Groundbreaking New Children’s Book ‘Vegan Is Love’ Teaches The Benefits Of Veganism For People, Animals And The Planet
By Mel Fabrikant Tuesday, April 24, 2012, 06:42 PM EDT
First book to explain a vegan lifestyle for kids provokes controversy on whether veganism is appropriate for children
Today’s highly anticipated release of Vegan Is Love: Having Heart and Taking Action (North Atlantic Books) has already created controversy, as parents, nutritionists, and psychologists opine about whether its core message of changing the way we eat and live is appropriate or even healthy for children. From national television to major newspapers and mommy blogs, author-illustrator Ruby Roth is confronting critics who say the book is too disturbing for impressionable children.
“I’m thrilled that Vegan Is Love is inciting a public discussion,” said Roth, “It’s high time we engage youth in topics previously reserved for adults – democracy, supply and demand, and engaging ourselves in the public realm. Fast food companies don’t think your kids are too young to be marketed to, agribusiness uses the word ‘sustainable’ to talk about GMOs, and marine parks and zoos want kids to believe they are conservationists. If you don’t educate your children, someone else will.”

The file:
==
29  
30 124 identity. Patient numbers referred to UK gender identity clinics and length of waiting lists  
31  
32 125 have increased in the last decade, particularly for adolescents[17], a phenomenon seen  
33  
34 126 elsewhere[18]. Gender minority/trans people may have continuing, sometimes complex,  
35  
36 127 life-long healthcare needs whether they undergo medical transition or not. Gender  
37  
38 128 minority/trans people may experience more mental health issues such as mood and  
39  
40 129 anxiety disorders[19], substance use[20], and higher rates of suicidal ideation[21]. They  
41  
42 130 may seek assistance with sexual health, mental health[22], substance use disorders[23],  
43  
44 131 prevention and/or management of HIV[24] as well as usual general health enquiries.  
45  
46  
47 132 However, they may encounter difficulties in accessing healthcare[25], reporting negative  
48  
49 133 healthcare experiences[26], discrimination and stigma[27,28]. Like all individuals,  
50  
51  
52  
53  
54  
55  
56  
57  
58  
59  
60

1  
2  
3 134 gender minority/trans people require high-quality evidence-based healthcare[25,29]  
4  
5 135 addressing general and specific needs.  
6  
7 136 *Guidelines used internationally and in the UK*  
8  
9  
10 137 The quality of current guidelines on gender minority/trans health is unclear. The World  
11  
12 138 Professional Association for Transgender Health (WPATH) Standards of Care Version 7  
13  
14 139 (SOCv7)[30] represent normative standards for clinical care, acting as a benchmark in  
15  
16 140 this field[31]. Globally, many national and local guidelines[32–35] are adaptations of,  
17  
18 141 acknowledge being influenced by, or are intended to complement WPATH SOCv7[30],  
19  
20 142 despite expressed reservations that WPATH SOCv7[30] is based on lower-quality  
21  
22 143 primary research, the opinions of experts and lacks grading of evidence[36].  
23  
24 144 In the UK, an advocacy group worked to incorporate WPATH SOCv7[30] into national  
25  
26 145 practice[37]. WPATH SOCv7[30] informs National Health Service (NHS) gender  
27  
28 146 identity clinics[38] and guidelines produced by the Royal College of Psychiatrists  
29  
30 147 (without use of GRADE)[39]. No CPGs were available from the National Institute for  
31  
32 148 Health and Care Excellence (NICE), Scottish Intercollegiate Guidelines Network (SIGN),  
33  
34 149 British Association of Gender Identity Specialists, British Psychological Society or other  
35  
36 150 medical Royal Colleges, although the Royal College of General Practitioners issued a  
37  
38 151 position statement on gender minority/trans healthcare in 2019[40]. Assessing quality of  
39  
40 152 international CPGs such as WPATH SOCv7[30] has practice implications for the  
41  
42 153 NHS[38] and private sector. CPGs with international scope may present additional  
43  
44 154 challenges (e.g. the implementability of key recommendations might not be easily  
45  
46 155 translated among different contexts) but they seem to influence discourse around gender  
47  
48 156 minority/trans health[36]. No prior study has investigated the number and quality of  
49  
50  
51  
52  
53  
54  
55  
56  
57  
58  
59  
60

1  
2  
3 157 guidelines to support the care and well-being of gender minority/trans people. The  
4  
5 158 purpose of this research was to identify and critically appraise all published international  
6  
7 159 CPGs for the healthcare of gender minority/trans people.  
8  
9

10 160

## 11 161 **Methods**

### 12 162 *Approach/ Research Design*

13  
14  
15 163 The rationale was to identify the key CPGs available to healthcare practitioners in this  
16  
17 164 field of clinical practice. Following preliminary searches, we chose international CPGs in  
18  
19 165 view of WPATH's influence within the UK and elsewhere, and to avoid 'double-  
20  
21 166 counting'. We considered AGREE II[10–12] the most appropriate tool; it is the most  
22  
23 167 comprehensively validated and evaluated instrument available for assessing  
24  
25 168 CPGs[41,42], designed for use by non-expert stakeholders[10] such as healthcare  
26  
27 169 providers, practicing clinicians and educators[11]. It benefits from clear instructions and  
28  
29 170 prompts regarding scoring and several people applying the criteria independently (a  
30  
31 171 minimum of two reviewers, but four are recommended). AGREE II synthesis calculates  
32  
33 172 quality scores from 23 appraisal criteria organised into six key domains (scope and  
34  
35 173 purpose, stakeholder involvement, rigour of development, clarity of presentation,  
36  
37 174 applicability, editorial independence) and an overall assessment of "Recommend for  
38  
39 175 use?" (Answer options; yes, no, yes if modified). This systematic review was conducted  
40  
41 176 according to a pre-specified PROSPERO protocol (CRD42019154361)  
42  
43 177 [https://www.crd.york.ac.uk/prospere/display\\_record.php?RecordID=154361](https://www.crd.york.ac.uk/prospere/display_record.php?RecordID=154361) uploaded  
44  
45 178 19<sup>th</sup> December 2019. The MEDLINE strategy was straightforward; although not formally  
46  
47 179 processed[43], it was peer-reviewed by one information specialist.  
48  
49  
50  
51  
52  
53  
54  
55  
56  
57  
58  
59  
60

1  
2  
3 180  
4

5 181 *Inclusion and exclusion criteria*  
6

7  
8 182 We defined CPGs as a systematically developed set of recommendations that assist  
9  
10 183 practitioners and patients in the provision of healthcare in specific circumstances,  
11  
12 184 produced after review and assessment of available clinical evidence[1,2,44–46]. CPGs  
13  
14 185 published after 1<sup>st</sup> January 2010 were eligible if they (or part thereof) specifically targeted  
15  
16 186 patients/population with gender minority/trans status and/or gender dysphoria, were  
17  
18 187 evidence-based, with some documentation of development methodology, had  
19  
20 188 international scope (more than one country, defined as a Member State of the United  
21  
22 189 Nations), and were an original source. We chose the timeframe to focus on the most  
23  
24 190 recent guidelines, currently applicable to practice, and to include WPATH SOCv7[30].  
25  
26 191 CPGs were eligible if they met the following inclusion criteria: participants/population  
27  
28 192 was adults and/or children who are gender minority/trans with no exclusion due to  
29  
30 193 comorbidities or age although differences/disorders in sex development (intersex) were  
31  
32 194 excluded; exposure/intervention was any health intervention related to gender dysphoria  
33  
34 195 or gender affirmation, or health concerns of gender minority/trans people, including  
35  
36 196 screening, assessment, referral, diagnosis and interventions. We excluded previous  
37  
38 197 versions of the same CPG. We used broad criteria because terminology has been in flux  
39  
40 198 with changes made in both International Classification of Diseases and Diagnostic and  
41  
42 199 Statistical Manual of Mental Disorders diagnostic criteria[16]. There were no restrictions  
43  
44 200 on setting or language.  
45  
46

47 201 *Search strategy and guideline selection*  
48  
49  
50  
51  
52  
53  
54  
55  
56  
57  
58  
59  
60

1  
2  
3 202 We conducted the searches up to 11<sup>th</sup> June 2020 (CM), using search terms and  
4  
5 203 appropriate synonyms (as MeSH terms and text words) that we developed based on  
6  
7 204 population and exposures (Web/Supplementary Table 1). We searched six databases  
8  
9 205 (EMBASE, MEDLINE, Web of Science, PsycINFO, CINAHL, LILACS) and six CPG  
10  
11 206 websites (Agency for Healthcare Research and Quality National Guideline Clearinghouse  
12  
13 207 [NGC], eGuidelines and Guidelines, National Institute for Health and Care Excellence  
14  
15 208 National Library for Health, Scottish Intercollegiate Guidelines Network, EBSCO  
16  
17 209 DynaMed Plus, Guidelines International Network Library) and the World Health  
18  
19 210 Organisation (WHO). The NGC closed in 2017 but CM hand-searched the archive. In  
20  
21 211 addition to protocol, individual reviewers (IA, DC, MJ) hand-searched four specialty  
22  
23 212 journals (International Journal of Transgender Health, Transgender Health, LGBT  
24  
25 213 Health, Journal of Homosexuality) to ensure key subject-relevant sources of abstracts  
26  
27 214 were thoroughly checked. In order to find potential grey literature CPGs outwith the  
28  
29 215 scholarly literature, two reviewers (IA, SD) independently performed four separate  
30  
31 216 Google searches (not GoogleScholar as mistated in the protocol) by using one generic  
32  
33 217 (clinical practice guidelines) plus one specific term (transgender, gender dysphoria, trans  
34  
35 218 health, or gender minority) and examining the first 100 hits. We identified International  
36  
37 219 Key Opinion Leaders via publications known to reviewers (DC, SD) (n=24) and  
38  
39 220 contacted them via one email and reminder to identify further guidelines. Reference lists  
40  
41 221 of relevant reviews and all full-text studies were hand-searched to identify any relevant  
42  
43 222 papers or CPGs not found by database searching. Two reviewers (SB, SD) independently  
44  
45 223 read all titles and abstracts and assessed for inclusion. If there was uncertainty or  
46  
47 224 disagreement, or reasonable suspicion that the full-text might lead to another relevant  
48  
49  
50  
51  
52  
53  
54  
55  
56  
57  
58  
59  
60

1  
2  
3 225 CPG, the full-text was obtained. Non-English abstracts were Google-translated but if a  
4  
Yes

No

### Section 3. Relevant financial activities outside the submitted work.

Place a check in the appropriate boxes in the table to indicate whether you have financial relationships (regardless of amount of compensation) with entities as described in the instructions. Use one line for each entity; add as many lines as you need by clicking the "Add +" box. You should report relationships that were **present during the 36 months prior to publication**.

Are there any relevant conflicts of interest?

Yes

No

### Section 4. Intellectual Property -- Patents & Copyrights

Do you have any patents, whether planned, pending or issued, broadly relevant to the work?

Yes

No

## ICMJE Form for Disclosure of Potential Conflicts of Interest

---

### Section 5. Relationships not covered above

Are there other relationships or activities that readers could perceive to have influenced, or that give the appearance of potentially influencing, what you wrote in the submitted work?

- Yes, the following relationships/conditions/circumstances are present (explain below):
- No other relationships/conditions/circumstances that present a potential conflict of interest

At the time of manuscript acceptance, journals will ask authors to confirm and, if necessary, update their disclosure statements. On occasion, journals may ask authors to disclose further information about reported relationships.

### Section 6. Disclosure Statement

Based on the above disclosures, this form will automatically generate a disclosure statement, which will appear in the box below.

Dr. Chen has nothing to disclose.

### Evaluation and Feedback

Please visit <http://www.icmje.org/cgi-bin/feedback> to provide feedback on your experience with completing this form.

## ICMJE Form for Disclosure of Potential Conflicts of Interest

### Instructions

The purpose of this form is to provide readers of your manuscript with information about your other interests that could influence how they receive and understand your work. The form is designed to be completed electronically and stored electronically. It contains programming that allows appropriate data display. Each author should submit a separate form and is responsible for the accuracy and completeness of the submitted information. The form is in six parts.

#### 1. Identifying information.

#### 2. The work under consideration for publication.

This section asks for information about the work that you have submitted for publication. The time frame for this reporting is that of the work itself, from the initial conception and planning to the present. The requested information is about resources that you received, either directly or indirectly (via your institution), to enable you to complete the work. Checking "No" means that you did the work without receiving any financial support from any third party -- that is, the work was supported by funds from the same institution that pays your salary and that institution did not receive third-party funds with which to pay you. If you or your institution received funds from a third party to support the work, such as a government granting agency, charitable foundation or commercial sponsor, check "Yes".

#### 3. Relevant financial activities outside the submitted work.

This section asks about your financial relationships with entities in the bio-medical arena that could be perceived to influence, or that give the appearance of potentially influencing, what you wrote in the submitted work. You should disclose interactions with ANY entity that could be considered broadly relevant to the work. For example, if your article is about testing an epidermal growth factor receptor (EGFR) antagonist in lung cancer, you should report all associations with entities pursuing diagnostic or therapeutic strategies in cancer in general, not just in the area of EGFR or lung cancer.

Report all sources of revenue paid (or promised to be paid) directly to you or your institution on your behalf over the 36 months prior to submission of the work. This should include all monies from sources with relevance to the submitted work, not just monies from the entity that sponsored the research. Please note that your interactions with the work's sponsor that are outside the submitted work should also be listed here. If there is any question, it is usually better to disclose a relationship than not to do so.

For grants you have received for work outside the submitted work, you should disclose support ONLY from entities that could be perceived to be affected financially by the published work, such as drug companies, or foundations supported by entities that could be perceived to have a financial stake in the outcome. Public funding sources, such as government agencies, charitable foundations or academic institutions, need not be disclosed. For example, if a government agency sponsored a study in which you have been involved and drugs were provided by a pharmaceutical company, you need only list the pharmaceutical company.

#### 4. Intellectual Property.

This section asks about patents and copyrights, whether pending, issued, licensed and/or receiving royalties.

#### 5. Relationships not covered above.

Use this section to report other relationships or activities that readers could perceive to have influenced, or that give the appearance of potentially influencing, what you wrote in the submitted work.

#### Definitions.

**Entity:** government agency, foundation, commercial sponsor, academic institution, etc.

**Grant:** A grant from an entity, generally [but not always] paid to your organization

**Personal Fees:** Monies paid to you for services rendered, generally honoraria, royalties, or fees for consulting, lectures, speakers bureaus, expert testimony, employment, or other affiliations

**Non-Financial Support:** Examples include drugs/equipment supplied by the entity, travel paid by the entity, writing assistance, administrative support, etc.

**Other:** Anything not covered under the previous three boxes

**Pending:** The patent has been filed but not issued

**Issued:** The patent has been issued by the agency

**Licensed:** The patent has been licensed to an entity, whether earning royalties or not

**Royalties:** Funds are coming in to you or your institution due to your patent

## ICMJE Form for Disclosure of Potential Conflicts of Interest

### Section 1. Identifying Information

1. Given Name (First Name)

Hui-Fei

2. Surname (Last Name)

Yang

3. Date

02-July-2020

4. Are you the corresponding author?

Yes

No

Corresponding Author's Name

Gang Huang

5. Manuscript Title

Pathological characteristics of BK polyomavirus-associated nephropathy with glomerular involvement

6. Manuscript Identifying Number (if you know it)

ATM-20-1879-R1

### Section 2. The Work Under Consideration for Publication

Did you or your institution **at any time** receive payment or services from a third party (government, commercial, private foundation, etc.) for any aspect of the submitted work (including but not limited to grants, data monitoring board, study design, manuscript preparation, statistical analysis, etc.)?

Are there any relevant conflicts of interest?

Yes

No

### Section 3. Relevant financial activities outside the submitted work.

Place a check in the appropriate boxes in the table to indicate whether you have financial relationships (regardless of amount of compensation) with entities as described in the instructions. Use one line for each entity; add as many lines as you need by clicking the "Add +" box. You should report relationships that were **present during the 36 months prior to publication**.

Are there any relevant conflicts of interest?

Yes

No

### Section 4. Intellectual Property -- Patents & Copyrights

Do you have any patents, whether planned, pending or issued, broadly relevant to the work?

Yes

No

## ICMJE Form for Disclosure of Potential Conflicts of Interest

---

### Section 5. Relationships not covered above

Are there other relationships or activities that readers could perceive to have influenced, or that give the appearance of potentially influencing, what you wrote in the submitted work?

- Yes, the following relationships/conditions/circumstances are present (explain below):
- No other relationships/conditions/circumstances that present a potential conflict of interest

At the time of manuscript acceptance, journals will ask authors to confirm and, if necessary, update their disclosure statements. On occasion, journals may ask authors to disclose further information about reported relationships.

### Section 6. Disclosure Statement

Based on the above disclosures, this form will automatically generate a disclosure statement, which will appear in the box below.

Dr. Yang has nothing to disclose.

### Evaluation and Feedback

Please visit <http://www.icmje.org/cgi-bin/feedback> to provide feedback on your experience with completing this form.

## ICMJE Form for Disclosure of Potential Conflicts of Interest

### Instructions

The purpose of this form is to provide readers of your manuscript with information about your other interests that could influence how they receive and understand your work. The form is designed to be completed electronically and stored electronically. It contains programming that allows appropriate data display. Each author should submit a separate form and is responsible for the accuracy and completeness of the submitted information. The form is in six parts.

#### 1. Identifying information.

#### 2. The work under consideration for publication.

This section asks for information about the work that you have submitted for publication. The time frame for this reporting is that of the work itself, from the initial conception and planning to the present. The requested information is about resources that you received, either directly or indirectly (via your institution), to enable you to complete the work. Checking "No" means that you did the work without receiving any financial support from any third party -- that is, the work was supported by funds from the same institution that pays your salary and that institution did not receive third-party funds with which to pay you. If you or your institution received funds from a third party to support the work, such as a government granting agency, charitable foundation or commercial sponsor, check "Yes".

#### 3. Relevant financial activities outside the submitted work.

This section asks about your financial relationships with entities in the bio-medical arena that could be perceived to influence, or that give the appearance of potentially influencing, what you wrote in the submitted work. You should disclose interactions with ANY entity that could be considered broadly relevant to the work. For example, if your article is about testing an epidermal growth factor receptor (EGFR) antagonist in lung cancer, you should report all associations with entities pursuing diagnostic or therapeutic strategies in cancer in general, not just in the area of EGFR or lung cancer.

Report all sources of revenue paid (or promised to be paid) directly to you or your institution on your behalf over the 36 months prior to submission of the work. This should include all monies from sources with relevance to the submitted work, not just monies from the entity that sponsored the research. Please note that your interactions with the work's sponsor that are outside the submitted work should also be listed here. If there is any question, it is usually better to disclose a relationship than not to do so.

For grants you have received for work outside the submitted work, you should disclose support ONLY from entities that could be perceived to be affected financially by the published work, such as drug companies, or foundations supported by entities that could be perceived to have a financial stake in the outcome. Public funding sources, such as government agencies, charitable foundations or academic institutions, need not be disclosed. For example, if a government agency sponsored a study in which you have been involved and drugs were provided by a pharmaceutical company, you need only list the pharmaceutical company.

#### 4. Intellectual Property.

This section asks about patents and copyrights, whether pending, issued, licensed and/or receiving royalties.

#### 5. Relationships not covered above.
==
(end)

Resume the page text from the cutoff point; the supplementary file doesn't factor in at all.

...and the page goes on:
In Vegan Is Love, Roth teaches a new generation of young readers about choices and the personal agency of people – big and small – in creating a more sustainable, peaceful, and compassionate world. With the same gentle candor of her first book, That’s Why We Don’t Eat Animals (North Atlantic Books, 2009), and kid-friendly illustrations, Vegan Is Love explores complex themes of animal cruelty, big agriculture, world hunger, and environmental degradation.
“Roth’s work brings children a new viewpoint on animals that we desperately need in today’s world,” said The Cove’s Richard O’Barry, marine mammal specialist and director of SaveJapanDolphins.org. “Her message is a great way to get children personally involved in making moral choices that are best for the animals.”